Summer, you were a foe,
a smoked piece of flesh of a lover
and a fiend, with a fetish
for freckles, in tow
Mark Twain and Ernest Hemingway made sure I could not romanticize summers while growing up. So vividly beautiful were their descriptions of the crisp summer wind and so deliriously scrumptious their longing to chew blades of grass while listening to songbirds. Life in the city could not even begin to compare.
Books that paint pretty pictures about summers suck me into an ecstatic vortex only to regurgitate me in bitter proportions. It leaves me bewildered about how mundane my world is. At least when compared to the wealth of love and learning in-between yellowing pages.
I can’t complain though. I had my share of sweet summer nostalgia. My dad’s family hailed from what was a remote village – until the mid-2000s, in Kanchipuram. I have spent a many summer weekends with my grandparents. Acres of lush-green fields. Women holding, with grace and elan, buckets, of water against their hips. Men carrying huge stacks of hay or rice bags on their bicycles. Children running behind motor vehicles. Ducks and roosters going crazy at the crack of dawn. Sights and sounds that one would associate rural life in India. It was all there.
They had a hen coop right outside the front door. And a large Y-shaped wooden stick that my grandfather used to protect the poultry against foxes, snakes and drunken fools. My grandmother made the best chicken curry-based breakfast. It would always taste better if we had the luxury of not seeing her snap the hen’s neck early in the morning, as the frightened creature screamed bloody murder.
They also had a cow pen, which once doubled as a mini-theater where the locals screened vernacular films on Sundays.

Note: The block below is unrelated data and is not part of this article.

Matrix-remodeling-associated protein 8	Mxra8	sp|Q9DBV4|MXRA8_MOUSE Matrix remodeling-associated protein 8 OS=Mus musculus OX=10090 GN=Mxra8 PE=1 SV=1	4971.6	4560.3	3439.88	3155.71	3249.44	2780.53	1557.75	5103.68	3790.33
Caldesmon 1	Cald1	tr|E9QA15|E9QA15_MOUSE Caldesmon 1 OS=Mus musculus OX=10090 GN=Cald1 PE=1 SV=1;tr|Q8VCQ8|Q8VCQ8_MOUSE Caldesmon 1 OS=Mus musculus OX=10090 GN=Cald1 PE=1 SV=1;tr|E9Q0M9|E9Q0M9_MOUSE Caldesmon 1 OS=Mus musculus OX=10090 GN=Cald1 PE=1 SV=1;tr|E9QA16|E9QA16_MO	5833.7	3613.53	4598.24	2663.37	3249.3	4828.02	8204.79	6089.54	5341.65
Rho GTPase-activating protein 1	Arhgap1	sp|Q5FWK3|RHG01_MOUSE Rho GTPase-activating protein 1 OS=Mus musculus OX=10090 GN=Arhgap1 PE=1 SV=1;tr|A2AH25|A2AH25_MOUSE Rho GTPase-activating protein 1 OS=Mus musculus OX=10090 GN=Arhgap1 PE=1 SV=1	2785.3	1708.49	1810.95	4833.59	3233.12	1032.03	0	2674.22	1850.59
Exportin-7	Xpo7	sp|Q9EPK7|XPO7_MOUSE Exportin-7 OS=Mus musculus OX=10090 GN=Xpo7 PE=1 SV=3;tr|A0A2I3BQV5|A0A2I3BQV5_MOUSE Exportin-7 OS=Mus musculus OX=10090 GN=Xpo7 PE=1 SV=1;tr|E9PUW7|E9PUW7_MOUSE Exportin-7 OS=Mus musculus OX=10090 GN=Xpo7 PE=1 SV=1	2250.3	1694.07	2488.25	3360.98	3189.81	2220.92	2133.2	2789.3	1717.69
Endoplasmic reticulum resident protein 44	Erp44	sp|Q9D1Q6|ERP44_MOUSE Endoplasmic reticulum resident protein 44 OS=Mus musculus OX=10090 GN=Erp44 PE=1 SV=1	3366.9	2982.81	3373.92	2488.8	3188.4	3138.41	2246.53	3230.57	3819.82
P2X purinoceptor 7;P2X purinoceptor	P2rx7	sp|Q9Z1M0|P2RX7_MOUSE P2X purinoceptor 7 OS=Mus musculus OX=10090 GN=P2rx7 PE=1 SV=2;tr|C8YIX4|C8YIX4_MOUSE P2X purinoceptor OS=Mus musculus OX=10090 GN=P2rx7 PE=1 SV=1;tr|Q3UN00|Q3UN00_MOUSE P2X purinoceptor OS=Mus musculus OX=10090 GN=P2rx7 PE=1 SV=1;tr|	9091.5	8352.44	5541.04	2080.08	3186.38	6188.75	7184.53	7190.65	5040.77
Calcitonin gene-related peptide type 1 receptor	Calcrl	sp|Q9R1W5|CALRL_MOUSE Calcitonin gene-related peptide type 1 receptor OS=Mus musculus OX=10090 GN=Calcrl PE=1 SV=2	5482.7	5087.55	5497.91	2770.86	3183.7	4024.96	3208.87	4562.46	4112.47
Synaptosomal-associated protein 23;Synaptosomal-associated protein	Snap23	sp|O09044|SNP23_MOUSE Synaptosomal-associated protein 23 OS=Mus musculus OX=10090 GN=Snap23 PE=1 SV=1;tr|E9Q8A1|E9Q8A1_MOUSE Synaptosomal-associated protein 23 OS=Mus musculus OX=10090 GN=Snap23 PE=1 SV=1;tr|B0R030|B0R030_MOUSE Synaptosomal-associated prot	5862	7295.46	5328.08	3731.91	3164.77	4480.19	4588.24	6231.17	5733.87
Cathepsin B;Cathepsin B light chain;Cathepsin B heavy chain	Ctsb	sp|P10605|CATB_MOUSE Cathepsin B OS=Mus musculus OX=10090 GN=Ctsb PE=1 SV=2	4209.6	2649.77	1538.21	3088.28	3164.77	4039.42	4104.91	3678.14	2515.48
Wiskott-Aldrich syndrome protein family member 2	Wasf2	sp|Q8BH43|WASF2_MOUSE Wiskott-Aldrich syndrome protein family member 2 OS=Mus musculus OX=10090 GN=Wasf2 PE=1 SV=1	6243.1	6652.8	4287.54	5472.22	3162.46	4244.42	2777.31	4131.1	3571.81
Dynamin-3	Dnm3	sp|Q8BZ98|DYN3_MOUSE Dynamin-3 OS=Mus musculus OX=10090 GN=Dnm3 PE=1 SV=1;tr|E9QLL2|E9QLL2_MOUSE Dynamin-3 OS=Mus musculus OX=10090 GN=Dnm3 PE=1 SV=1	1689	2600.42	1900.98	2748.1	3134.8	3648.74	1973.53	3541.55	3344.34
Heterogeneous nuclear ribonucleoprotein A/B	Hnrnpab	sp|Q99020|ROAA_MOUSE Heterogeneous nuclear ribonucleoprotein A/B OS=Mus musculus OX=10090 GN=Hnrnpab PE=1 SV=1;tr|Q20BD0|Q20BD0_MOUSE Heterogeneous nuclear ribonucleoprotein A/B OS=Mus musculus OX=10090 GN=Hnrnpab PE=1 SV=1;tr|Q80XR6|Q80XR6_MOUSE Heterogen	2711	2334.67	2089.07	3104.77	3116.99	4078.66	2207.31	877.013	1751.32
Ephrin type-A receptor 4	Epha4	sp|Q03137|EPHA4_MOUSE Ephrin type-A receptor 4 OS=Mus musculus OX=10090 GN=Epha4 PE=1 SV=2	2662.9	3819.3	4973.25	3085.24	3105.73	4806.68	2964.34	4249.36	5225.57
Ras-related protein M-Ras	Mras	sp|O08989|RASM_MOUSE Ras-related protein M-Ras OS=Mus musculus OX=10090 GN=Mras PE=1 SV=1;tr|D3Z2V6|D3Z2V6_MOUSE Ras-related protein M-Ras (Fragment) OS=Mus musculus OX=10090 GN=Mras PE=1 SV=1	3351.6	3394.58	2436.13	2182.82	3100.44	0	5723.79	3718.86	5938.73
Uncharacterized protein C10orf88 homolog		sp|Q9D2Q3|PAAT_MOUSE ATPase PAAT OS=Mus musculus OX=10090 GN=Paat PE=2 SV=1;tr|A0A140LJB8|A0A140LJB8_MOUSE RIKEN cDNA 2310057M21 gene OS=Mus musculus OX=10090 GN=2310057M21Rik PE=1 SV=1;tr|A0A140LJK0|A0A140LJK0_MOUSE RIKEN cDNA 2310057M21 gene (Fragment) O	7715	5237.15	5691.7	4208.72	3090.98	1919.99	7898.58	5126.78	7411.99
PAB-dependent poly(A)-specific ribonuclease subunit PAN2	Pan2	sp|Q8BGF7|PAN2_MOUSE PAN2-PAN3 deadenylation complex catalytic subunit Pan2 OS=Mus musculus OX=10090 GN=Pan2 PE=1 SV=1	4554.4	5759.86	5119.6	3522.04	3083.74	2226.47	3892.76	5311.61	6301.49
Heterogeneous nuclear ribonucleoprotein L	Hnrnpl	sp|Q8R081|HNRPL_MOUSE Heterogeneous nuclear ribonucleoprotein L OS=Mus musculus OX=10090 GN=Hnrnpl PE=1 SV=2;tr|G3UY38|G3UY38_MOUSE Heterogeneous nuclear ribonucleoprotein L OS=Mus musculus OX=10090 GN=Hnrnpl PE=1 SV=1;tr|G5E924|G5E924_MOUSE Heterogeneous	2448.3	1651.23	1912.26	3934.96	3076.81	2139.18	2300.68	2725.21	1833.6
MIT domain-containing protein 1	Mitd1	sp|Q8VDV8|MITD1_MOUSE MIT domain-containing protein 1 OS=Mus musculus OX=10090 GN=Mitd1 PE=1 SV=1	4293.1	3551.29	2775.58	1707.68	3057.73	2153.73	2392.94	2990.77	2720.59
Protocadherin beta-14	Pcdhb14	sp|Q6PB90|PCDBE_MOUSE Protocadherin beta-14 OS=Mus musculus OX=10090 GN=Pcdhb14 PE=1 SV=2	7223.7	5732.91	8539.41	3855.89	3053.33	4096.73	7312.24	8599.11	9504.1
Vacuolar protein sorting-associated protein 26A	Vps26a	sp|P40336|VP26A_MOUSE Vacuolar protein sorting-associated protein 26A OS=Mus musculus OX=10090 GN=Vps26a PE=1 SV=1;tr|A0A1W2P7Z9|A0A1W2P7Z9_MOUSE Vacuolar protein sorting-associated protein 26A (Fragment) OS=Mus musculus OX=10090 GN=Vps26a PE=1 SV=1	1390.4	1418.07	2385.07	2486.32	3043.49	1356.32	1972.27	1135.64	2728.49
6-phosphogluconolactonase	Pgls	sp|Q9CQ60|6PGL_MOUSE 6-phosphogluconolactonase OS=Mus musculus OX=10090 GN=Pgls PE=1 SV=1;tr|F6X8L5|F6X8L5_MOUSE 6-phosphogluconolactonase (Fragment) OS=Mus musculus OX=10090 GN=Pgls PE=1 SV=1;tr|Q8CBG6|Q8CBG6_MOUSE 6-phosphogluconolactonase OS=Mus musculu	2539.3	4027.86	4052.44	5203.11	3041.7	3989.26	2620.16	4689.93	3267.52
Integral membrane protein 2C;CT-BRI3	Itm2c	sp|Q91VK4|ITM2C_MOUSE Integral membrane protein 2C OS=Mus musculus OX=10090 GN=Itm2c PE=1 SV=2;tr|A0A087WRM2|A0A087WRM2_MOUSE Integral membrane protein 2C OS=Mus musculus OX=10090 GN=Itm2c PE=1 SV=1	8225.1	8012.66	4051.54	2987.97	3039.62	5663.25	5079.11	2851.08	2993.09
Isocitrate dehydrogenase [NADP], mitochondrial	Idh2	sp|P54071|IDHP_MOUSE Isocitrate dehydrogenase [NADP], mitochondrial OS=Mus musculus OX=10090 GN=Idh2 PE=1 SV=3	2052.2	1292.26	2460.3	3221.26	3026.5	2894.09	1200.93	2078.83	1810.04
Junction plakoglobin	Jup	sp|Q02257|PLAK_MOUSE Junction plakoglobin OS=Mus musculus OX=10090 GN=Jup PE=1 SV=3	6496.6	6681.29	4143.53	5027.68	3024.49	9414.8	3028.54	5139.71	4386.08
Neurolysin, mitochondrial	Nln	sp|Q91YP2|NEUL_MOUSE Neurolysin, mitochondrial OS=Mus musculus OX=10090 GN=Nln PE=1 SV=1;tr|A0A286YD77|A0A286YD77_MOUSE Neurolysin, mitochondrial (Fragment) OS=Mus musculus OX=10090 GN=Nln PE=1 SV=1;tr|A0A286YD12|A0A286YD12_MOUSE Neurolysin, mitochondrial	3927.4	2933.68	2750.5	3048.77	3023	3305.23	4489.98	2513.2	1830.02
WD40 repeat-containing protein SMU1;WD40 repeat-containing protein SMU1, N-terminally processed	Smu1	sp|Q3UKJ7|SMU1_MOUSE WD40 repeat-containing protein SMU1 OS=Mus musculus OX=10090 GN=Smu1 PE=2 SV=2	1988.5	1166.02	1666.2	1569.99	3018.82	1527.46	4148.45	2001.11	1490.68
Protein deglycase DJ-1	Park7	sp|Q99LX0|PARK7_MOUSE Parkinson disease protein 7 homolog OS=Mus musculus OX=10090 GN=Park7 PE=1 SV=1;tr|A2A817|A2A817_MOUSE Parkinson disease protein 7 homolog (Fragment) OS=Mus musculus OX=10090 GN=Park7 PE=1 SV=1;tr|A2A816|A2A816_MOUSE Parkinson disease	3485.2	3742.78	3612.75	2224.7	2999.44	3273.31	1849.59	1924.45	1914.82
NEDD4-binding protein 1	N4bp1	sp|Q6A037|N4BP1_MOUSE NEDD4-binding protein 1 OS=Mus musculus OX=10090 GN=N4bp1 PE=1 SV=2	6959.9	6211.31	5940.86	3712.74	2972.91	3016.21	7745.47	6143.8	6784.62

I also remember fondly my dad urging my sister and me to chew on dry neem twigs to clean our teeth in the morning. Once we did that, we ran straight into the neighbouring St Antonys High School compound and sheepishly lurked under a giant tamarind tree. When there was nobody else around, we would hurl pebbles at the drooping branches. Our teeth ached for that tangy brown flesh; that summery taste.
Summers in the cities weren’t so pear-shaped. My city is infamously hot and humid during this season. The rapid urbanization over the past two decades has taken its toll. My poor city doesn’t seem to have the stomach for poetry anymore. Now her idea of a quiet leisurely time involves Ikea furniture. And crowded beaches. Or those coffee houses with tacky paintings and every Buddha statue they could find to create a false moment of Zen for the elite working-class.
But again I can’t complain. As humid and sweaty as I felt the summer of 2015 was, I also saw a number of Spotted Owls. Despite having become regular sightings, they still overwhelmed me. Their antics, their glares, just everything.
One time I spotted a Polka-dotted pair whispering secrets to each other (watch video) as they posed magnificently, in the late morning light. I imagined that one was telling the other – “I hope he knows that summers may come and go but we will always be around”.
(Photographs – Kanchipuram, Chennai, Pulicat, Ponneri, Vedanthangal)